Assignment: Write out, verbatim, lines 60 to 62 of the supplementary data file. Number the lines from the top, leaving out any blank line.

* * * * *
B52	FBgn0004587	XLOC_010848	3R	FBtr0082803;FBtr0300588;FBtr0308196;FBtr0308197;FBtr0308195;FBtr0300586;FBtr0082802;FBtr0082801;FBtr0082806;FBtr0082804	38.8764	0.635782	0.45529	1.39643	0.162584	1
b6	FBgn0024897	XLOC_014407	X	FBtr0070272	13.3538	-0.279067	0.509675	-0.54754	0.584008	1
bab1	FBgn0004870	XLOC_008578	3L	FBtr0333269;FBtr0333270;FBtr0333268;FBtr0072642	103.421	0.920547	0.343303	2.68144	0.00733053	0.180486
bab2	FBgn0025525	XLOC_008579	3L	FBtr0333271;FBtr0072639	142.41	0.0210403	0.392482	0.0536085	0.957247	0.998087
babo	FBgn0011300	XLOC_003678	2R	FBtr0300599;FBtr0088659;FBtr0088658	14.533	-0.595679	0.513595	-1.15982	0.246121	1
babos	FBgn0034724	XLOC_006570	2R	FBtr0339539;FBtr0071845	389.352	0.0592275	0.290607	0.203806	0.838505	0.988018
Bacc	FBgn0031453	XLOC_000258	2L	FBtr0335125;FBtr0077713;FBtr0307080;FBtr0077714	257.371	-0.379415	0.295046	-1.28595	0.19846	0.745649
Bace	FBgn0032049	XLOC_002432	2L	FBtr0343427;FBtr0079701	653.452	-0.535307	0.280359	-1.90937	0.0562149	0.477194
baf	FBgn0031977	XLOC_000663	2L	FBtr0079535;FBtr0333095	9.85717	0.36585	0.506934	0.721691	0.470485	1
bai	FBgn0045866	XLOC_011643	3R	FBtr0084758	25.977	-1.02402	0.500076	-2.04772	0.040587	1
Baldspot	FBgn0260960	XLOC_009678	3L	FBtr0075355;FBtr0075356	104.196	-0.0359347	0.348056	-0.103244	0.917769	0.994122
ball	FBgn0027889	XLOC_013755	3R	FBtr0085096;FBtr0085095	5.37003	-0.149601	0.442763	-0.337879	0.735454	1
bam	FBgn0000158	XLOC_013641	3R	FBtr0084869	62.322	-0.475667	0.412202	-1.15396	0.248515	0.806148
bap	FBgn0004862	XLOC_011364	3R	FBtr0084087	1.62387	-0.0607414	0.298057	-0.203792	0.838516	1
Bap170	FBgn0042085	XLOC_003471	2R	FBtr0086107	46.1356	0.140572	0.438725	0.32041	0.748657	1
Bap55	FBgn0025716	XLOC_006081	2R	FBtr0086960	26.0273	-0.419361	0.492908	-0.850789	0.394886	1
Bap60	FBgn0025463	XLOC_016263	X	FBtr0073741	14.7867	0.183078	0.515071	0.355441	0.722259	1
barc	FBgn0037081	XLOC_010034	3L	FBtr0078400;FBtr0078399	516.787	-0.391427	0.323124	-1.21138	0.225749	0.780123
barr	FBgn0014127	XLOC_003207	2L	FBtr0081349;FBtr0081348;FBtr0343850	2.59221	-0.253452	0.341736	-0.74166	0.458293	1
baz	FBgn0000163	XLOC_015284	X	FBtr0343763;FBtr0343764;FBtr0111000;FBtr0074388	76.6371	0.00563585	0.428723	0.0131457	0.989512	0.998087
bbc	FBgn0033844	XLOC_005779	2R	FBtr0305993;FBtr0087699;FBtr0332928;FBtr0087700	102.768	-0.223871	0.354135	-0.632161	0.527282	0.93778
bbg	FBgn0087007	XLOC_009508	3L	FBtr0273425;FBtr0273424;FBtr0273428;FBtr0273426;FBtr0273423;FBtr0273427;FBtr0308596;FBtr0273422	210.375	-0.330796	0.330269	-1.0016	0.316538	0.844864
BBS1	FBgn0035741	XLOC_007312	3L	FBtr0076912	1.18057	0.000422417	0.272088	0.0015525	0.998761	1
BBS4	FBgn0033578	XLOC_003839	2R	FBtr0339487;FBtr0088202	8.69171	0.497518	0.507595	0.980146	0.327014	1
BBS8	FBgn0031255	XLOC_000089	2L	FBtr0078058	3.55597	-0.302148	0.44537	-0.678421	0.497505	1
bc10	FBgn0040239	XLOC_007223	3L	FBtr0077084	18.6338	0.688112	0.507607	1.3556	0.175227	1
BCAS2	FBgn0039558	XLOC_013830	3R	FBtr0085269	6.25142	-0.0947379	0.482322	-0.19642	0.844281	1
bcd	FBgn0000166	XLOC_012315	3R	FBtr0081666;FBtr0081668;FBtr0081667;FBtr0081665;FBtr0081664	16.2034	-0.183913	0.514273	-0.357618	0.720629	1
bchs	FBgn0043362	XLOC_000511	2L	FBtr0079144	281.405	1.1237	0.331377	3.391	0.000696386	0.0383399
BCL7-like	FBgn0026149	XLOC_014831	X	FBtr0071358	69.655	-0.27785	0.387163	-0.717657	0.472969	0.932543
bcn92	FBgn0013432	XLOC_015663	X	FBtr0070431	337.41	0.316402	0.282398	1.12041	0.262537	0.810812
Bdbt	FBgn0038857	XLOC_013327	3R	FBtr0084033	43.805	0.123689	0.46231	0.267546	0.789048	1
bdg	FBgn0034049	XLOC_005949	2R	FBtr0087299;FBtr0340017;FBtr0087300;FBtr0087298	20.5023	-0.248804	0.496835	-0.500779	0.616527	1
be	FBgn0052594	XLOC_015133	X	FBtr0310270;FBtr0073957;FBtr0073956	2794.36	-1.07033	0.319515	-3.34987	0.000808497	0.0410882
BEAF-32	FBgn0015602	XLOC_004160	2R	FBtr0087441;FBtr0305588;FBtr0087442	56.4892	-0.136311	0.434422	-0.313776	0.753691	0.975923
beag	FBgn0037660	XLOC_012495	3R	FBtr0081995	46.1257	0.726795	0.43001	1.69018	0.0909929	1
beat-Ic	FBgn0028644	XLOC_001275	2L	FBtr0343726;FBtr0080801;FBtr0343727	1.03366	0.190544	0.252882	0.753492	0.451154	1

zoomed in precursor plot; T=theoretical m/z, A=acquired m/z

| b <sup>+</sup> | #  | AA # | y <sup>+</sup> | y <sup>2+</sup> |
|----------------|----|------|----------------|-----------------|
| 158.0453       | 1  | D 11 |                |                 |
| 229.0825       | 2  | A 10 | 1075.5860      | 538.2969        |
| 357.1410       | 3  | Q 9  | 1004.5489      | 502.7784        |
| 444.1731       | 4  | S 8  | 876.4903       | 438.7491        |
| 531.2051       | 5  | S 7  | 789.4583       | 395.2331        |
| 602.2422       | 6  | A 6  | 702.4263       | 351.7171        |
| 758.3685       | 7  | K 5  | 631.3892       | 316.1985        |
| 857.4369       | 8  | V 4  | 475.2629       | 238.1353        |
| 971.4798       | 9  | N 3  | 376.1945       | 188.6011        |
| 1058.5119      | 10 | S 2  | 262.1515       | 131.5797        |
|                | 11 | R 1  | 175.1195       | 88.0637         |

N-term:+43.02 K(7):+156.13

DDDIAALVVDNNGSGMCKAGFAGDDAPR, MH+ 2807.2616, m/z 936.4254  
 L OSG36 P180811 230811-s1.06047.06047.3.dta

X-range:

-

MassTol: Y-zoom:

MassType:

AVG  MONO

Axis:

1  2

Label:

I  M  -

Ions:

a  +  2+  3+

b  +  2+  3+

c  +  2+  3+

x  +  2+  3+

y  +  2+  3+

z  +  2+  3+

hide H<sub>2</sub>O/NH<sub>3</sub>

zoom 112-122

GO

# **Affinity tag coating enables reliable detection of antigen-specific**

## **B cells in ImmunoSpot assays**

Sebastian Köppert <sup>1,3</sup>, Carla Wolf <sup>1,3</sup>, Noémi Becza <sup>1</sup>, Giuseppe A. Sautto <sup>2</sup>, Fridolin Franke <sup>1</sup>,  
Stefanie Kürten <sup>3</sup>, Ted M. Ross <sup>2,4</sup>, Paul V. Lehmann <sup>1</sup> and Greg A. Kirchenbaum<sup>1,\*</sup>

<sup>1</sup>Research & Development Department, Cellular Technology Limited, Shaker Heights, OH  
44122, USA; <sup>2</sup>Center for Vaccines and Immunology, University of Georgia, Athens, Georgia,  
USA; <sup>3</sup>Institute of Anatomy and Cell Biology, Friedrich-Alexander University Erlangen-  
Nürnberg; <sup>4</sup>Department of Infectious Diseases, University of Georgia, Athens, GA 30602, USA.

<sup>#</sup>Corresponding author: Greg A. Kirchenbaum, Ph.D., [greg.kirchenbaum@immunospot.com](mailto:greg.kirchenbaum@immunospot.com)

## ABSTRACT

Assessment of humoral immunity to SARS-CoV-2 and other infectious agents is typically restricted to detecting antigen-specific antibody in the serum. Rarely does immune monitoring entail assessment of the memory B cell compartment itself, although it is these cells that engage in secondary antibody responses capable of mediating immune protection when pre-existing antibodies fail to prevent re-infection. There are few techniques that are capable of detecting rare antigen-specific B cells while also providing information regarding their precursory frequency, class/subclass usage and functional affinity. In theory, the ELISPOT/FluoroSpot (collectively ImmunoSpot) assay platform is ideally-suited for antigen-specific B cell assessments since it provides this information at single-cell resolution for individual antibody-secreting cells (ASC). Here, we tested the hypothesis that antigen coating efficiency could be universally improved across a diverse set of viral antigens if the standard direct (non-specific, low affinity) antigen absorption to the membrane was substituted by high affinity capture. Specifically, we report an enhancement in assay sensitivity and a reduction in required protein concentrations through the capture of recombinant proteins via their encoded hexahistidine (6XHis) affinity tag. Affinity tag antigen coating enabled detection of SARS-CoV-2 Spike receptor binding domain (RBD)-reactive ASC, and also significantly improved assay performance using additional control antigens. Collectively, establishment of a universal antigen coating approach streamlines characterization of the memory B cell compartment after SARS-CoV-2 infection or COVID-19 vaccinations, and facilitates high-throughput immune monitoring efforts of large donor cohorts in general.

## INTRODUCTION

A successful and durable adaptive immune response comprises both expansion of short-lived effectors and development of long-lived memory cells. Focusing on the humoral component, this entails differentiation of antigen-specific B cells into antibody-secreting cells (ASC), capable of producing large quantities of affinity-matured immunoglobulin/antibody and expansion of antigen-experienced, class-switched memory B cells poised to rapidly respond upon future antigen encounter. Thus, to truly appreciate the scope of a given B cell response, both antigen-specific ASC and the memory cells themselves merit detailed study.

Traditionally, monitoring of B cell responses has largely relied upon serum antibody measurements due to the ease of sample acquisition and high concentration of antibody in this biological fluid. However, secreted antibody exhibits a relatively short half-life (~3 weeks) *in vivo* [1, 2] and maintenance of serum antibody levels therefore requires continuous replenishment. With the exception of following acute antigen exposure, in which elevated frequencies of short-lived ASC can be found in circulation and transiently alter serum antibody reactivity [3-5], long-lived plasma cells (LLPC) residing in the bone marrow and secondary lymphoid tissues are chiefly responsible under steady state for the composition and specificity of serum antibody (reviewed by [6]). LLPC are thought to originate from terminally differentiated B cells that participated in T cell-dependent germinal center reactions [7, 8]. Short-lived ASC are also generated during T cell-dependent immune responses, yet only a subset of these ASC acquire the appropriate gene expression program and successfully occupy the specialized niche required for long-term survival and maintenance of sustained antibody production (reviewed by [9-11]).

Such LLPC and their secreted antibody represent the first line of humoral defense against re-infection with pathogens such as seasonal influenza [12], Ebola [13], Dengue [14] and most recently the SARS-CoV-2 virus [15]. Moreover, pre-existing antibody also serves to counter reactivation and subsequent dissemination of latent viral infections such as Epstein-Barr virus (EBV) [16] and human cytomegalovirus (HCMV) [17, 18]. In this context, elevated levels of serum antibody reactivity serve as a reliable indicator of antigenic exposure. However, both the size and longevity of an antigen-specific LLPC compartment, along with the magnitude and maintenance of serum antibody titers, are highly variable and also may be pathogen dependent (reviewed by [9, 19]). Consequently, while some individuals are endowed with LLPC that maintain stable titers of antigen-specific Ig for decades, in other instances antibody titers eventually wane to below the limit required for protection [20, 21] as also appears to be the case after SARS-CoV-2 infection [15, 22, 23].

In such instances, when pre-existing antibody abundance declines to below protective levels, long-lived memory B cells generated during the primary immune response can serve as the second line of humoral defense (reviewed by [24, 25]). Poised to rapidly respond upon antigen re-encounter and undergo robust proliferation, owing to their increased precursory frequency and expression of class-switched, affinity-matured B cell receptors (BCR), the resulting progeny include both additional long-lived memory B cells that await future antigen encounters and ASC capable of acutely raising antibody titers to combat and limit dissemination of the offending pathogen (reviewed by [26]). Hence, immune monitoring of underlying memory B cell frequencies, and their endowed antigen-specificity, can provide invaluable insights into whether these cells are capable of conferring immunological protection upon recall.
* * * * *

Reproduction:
Axis:

1  2

Label: